By Joel Warner
By Michael Roberts
By Alan Prendergast
By Michael Roberts
By Michael Roberts
By Amber Taufen
By Patricia Calhoun
By William Breathes
On the afternoon of June 10, 1999, suspected drug dealer Xavier Davis was puttering around Aurora in his silver Hyundai when he received a call on his cell phone from his buddy Nathan Brown, aka "Lil' Nate."
Lil' Nate, FBI agents believe, was looking to purchase dope from Davis, who they say was one of the biggest coke 'n' crack dealers in the Denver metro area. Known to both cops and criminals as "Za-Boo," the crafty 27-year-old had trained most of his customers to keep their telephone conversations cryptic.
In the conversation, which was recorded by the FBI and the Aurora Police Department's gang unit, Lil' Nate tells Davis, "Me and my little homeboy funna come through. He's gonna get a little fee-mee-mee-mee."
Davis asks, "A little fee-mee-mee-mee, huh?"
"Yeah," assures Lil' Nate.
Later, surveillance units videotaped a blue Chevrolet pulling into a parking space in front of Davis's Aurora recording studio, Elite Entertainment Group, at 262 Havana Street. The driver -- police believe it was Lil' Nate -- parked it directly next to Davis's silver Hyundai, which was already there. He then walked into the studio and stayed for a few minutes before casually returning to the car carrying what agents describe as "a clear plastic bag in his left hand with what appeared to be a white substance."
Davis came out, too, and got into the passenger side of the blue Chevrolet. That's when the two men began to smoke what agents believe was the fee-mee-mee-mee. Or, as the cops put it: "Based on the totality of the investigation, the agents believe Davis and the male were smoking an illegal substance."
The coded conversation was a teaser for the narcs. They soon learned that if they were going to tag Davis for selling drugs over the high wires, they'd best get hip to the phunky linguistics of the day.
On August 7, 1999, Davis received a phone call from a friend, and the two exchanged polite pleasantries. Then they got down to business. Davis tells the caller, "We're at the house, gonna grab some bomb."
The caller asks, "Where can I meet you all at?"
Before Davis can answer, another voice comes on the line and tells Davis, "Yeah, it's the back of TCI, we ain't there yet, that's why I ain't hit you but shit, it's like you know, where Kerr Macy is, turn left on, what you gonna do, that nigger wanted some bomb, that's why we came here so fast."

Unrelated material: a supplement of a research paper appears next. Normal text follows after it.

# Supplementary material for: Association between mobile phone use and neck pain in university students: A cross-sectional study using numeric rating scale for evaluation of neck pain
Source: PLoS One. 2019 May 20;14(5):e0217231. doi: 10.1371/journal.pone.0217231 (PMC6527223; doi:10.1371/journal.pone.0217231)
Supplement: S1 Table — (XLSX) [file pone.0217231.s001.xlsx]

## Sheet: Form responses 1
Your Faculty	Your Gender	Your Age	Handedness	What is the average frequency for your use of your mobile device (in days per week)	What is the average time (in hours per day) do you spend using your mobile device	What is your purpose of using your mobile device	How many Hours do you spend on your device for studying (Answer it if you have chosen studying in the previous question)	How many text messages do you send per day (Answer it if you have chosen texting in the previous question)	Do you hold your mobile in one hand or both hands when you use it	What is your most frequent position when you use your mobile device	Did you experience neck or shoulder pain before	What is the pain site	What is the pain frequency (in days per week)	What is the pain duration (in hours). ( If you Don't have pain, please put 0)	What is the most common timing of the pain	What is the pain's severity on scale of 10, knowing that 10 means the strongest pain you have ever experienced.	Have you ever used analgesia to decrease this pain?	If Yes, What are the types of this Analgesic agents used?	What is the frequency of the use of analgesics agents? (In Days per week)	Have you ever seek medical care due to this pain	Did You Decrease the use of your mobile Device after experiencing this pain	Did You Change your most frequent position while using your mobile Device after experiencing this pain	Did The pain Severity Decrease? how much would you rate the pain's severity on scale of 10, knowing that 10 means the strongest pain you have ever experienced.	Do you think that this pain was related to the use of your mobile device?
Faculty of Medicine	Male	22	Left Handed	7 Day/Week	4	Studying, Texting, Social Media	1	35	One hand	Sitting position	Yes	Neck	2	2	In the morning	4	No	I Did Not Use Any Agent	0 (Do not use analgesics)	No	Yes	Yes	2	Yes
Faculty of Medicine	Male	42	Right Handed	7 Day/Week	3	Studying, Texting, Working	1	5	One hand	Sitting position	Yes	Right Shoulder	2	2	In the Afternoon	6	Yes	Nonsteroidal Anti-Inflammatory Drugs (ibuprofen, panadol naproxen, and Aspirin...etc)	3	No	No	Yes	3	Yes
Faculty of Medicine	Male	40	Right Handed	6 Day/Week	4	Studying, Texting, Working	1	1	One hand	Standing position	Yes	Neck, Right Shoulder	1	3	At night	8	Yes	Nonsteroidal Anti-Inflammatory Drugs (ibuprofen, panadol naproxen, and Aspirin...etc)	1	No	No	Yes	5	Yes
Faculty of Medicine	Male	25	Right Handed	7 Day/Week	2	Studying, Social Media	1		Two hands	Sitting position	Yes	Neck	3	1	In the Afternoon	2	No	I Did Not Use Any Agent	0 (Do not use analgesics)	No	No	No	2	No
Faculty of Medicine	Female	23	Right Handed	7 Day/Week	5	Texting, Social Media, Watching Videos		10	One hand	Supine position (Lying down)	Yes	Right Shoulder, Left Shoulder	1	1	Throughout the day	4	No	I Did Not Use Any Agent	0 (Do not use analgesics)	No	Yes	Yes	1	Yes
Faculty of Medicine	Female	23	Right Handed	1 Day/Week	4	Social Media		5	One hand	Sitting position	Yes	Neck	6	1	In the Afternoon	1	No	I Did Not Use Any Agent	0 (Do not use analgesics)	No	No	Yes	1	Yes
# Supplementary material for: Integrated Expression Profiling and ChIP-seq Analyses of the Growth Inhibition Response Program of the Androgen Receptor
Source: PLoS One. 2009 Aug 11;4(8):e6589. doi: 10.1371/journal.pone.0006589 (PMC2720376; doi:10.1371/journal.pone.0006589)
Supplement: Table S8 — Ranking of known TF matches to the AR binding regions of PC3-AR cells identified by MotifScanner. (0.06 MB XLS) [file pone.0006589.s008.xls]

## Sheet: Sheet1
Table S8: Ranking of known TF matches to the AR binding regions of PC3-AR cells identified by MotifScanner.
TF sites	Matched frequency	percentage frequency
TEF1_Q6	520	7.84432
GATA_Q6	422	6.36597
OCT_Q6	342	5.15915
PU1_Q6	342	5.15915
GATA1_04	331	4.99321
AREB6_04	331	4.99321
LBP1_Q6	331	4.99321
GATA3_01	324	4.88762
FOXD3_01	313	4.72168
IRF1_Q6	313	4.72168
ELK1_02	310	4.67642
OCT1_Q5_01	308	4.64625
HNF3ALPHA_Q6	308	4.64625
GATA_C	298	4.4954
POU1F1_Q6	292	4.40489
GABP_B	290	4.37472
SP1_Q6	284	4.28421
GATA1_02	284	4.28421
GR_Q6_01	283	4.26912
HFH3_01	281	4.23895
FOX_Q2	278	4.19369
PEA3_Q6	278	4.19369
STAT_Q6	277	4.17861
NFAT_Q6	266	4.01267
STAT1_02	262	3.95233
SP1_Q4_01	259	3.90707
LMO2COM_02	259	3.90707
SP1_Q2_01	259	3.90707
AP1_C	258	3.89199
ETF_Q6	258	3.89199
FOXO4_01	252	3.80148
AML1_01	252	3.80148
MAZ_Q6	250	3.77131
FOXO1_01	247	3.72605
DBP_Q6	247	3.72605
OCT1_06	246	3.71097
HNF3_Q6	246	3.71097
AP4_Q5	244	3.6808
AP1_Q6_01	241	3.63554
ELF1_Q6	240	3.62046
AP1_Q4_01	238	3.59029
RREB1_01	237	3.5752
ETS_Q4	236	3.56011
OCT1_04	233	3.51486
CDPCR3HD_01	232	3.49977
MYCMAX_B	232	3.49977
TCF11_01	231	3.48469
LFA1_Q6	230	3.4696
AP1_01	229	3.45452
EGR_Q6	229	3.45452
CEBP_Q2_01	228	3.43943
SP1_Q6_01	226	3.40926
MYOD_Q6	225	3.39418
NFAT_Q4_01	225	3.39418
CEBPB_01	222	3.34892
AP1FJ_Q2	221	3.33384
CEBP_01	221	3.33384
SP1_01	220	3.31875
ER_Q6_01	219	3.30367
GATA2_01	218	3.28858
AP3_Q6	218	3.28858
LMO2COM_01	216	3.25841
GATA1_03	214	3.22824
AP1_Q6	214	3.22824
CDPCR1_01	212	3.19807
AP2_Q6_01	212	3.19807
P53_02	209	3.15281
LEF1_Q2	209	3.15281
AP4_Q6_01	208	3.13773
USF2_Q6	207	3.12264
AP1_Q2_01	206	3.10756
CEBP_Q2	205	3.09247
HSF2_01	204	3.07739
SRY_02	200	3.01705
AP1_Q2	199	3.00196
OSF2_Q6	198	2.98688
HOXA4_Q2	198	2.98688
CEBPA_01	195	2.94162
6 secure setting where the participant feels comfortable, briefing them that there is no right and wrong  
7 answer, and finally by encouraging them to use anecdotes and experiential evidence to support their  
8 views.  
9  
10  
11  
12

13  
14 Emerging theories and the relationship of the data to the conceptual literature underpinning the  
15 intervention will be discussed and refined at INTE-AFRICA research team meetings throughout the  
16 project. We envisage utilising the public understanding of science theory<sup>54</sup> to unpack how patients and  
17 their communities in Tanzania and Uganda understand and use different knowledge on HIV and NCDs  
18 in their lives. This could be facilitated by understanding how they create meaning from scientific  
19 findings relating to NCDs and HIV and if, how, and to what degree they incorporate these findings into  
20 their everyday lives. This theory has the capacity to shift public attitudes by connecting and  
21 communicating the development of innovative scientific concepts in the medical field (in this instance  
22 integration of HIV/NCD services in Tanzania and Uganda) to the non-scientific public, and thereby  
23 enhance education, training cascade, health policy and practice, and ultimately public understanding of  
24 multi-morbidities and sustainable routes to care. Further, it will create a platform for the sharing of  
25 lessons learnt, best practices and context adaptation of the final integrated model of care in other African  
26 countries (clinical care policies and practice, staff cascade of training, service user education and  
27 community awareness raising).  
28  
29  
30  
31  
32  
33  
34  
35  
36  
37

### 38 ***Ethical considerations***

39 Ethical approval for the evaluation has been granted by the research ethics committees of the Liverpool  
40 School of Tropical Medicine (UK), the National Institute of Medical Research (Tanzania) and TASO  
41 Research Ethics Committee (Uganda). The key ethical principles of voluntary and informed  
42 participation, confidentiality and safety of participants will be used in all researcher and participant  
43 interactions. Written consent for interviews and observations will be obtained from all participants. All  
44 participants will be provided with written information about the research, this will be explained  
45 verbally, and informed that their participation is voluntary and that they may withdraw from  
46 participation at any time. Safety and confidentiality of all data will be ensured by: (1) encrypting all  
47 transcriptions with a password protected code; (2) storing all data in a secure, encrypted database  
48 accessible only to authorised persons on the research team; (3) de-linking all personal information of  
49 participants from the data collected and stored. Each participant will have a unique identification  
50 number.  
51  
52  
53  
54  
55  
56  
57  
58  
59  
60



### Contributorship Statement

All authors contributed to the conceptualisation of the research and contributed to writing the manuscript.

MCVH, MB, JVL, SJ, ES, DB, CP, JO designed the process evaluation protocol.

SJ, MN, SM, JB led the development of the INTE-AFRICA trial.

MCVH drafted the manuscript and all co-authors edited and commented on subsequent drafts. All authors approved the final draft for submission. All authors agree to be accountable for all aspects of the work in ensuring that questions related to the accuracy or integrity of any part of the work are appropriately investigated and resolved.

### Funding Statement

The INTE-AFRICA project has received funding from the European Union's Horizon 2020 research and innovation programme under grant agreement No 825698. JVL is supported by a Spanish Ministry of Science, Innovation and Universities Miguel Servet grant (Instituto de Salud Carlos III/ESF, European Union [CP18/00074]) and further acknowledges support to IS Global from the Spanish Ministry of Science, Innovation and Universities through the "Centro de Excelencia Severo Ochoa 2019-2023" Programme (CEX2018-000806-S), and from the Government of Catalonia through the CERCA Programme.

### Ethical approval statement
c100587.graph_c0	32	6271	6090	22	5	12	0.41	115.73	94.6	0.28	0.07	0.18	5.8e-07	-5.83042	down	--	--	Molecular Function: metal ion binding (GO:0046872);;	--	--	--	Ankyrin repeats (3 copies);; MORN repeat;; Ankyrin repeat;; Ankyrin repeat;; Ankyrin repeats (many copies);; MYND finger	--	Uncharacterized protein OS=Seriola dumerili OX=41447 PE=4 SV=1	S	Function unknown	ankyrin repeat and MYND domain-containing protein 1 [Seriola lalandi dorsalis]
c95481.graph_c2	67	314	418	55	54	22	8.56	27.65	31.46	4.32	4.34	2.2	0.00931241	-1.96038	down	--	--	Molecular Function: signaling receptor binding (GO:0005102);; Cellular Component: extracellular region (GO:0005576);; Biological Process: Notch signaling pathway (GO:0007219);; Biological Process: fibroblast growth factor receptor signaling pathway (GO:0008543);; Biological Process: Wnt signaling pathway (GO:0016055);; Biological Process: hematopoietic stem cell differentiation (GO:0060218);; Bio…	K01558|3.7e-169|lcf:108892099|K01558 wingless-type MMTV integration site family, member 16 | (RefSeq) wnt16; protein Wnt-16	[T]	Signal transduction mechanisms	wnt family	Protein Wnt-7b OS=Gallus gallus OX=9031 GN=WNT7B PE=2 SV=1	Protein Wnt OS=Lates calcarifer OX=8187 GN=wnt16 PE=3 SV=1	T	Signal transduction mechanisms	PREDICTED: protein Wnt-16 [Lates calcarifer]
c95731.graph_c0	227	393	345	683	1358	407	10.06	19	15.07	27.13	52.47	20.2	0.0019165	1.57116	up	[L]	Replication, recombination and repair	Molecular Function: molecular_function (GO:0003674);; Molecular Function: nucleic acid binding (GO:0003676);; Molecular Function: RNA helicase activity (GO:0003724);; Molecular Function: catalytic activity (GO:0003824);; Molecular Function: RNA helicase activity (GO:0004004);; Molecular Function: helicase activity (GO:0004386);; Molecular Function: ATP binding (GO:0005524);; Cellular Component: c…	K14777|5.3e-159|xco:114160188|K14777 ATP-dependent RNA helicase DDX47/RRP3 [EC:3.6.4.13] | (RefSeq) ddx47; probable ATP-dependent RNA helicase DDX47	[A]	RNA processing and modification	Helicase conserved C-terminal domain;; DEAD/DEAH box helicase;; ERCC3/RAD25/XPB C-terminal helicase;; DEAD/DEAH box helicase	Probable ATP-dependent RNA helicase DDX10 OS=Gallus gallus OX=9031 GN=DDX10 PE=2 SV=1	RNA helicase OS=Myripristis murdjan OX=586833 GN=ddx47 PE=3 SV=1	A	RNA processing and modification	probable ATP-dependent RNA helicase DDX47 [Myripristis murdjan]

Translation: "Based on the totality of the investigation, the agents believed that Davis was agreeing to meet with the unknown male to deliver marijuana."
But how do agents know "some bomb" isn't, say, beef-and-bean burritos with sour cream and guacamole?
"We don't have one person who translates," says FBI spokeswoman Jane Quimby. "It's based on a combination of conversations, agents' street experience and informants' information, all in the context of the [entire] investigation. If an informant comes to an agent and says, 'Hey, when I'm dealing with Joe Blow Drug Dealer, we call it 'tire,' then the agents know what to look for."
Law-enforcement agencies investigating Davis and 22 other suspects in five counties certainly knew what to look for -- and what to listen in on. Last year the eavesdropping helped them score what they repeatedly called "the biggest drug bust in Denver metro history." Just before dawn on September 22, agents raided numerous homes and businesses, concluding a two-year investigation that tracked cocaine and methamphetamines flowing in from Mexico through El Paso and Albuquerque into Denver.
As the investigation wound down, a federal magistrate granted the FBI's request to wiretap the suspects' phone lines and intercept cell-phone conversations. During the final five months, federal snoops compiled more than 10,000 pages of transcripts, a narrative so lengthy only Stephen King could appreciate it -- or afford it. Just last month, the office of the Chief Judge of Appeals for the 10th Circuit Court cut a check for a cool $192,000 to cover the cost of duplicating all video- and audiotapes for defense attorneys. (The telephone argot also forced the FBI to grab a Spanish dictionary. Several hundred conversations were in Spanish, and the government has hired three interpreters, all of whom are working full-time to translate the recordings into English. Since the massive mission is causing delays that threaten the right of Davis and the other defendants to a speedy trial, Assistant U.S. Attorney Stephanie Podolak asked the judge for the rarely used "complex case designation," thus giving the government more time to untie tongues, so to speak.)
According to the government's informants, Davis began his career by selling marijuana for Manual "Psycho" Carrillo, the main target of the investigation. Davis quickly moved into the powder trade, selling several kilos a week at a price of $15,000 to $20,000 each. Elite Entertainment Group was actually a lucrative drugstore, the FBI says, where elite customers came for entertainment.
By July 1999, just one month after Davis was recorded talking to Lil' Nate, business was booming, and Davis chucked the silver Hyundai and bought a 1994 Lexus Sedan from a Denver couple. Davis met the couple in the Tivoli parking lot for a test spin, then pulled out a plastic bag containing $15,500 in cold cash. He expressed his distrust in banks and asked the couple to put the bill of sale in his parents' names. It was a gift for them, Davis said.